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Yahoo: Valanciunas ready to win fans over
Toronto Raptor fans rejoice, Jonas Valanciunas is ready to win you over | Ball Don't Lie - Yahoo! Sports
"He loves to dunk. Everything around the rim, he just tries to tear the rim down."
Describing the game of Lithuanian national team teammate Jonas Valanciunas, Real Madrid guard Martynas Pocius didn't waste any time before mentioning the dunking. It's Valanciunas' favourite thing. Actually, rebounding and dunking, Valanciunas says, when asked what he loves best when on the basketball court.
When the Toronto Raptors selected Valanciunas with the fifth pick in the 2011 NBA Draft, their fan base wasn't initially sure how to react. After a handful of disappointing seasons, missing the playoffs and losing Chris Bosh, they wanted something to be excited about. A player they were familiar with. A personality they could easily root for. Instead, they were given a European big man they didn't know much about, but were promised they would love.
A year later (Valanciunas had to spend another season with Lietuvos Rytas before joining the Raptors) it took just one week of training camp for all of the players, coaching staff and front office personnel to realize that in addition to drafting a big man with a ton of potential, they'd also drafted one of the most personable players in the '11 draft class. He is exactly what Toronto fans have been waiting for.
While Valanciunas missed almost all of training camp because of a calf injury and has played in just two preseason games thus far, the hype is here and it's easy to see why. A 20 year-old seven-footer who likes contact, has good hands, makes free throws with ease and loves basketball is a sight for sore eyes.
Let's get this out of the way right now: Jonas Valanciunas loves the game of basketball. Not in the love-it-because-I'm tall-and-this-is-what-I'm-going-to-do kind of way. He loves it in the because-it's-all-I-do-because-all-I-want-to-do-is-win-and-all-I-want-to-be-is-the-best kind of way.
"In my blood," is how Valanciunas explained his passion for the game while pointing to his heart beating below his practice uniform. "I was really young … I came to the basketball practice. Since that time, I've been in love with basketball."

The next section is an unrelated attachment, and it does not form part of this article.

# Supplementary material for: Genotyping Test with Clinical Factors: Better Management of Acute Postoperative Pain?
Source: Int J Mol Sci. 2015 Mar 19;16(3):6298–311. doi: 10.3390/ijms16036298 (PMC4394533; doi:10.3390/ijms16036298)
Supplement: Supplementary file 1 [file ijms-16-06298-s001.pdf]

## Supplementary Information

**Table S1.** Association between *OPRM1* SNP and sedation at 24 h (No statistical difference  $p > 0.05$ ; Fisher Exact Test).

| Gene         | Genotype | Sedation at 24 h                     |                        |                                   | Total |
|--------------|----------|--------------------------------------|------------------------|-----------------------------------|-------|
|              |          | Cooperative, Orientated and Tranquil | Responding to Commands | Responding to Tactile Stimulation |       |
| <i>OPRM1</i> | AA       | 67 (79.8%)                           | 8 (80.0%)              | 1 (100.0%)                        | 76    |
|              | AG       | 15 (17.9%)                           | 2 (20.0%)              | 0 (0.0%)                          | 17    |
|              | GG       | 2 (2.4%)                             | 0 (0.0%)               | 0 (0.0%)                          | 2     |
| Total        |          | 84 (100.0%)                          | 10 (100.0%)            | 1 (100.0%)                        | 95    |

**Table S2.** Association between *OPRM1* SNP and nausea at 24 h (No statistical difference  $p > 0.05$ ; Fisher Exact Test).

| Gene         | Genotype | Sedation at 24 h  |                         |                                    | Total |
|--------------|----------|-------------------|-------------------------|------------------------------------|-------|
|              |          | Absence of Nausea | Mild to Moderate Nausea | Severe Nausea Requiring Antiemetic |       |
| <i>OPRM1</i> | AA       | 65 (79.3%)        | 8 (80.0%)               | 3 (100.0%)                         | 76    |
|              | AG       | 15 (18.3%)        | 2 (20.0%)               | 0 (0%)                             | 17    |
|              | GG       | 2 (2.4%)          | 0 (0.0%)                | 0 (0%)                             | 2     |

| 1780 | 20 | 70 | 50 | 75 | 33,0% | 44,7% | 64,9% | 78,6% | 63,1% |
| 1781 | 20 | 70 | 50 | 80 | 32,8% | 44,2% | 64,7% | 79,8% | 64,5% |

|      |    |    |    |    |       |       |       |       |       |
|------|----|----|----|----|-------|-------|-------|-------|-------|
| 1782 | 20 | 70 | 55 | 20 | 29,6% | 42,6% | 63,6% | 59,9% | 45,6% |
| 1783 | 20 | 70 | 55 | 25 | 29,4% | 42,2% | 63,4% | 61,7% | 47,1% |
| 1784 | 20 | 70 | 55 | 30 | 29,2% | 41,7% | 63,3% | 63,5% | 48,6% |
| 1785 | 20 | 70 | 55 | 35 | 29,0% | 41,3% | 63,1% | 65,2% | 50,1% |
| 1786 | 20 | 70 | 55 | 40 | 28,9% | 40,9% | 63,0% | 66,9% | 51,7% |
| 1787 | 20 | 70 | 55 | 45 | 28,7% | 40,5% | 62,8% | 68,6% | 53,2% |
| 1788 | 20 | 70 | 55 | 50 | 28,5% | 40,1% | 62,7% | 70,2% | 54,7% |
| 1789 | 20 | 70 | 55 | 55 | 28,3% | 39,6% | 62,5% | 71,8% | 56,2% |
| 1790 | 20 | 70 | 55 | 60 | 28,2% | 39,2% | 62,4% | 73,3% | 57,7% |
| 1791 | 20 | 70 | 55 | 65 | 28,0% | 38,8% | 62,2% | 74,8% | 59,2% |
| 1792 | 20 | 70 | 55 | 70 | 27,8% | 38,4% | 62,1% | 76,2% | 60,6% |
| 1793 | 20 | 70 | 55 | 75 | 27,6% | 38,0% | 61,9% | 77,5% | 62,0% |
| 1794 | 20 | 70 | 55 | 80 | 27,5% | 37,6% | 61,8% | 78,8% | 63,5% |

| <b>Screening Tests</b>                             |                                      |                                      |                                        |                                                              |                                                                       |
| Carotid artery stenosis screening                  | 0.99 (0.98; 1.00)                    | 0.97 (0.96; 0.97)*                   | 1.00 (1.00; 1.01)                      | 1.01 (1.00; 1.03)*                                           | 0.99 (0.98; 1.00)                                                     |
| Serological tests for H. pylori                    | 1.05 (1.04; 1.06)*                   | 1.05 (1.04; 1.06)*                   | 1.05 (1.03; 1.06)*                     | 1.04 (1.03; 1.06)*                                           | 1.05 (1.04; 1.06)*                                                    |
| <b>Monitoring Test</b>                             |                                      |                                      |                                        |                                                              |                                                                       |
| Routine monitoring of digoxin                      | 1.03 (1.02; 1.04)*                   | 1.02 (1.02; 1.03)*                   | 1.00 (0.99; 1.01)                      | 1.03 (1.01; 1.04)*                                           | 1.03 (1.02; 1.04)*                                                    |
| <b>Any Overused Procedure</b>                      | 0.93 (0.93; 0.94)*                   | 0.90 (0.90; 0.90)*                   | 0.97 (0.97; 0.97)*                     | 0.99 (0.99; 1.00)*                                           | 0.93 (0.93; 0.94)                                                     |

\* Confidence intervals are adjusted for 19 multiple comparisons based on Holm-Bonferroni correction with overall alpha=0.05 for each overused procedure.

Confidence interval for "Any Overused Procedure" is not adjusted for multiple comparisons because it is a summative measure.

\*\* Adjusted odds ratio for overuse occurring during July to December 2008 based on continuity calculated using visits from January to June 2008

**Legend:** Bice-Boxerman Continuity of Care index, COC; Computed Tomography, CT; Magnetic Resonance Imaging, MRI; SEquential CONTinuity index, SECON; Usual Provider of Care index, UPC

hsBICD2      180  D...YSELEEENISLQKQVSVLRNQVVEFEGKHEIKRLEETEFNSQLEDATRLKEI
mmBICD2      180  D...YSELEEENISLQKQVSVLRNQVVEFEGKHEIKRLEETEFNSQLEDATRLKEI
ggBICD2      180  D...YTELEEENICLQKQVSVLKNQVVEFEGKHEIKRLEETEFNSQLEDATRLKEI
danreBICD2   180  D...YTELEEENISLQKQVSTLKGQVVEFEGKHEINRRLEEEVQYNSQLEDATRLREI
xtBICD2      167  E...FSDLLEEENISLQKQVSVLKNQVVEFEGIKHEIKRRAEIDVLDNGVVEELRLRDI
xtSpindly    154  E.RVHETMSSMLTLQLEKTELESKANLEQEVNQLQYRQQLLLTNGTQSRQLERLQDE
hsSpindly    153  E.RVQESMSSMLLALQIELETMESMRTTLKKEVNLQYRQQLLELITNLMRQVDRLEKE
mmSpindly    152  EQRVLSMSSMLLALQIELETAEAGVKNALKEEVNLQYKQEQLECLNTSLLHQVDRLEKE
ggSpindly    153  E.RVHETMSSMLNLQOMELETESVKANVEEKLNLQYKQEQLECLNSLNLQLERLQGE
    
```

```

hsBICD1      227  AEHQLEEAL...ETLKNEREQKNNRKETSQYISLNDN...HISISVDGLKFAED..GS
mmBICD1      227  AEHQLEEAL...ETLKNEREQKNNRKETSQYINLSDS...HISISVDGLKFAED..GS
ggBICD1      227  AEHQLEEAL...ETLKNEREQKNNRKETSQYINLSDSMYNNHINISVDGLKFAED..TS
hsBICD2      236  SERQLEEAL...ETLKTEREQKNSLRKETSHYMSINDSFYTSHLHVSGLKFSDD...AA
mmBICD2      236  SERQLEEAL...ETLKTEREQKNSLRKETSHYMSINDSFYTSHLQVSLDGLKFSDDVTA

In Lithuania where basketball is life in the way that hockey seems to rule Canada, Valanciunas has been living away from his family since he was 14 years old (that's six years of living solo prior to this rookie season). It wasn't easy on Valanciunas' mother, Danute, to allow her son to move to Vilnius alone at such a young age, but he feels it has made him better prepared for NBA life here in North America.
"[The] first year was really hard," Valanciunas explained. "After a year, after two years, I adjusted and that made it easier. I think it helped for me. Now I can stay alone. For example, now in Toronto it's a new city for me and I'm alone here." He quickly continued, "I'm not alone, I have my teammates, actually. But no one from my family is here."
While Valanciunas was falling in love with basketball, his mother had other plans for him.
"I was in dance lessons since I was young," he said with a smile. "I was, I think, eight years old. I was dancing. I was in dance lessons. It took me three years and I quit after I realized that basketball is my way. My life way." He flashed that grin as he shook his head and emphasized, "Basketball. Not dancing."
Jonas won't dance, don't ask him (Getty Images)Despite their differing views on his destined career, Valanciunas credits his mother with keeping him grounded and said they are very close and talk often via Skype. The two will be reunited this Christmas when Danute comes to Toronto to spend the holiday with her son.
Lithuanians are relieved that Valanciunas recognized his gifts and fell in love with their sport. Arvydas Sabonis, a Hall of Famer and the most talented pivot man ever to come out of Lithuania, was quoted in a story by Sports Illustrated writer Luke Winn as saying, "…Valanciunas is the future of our country. We don't have another big man like him.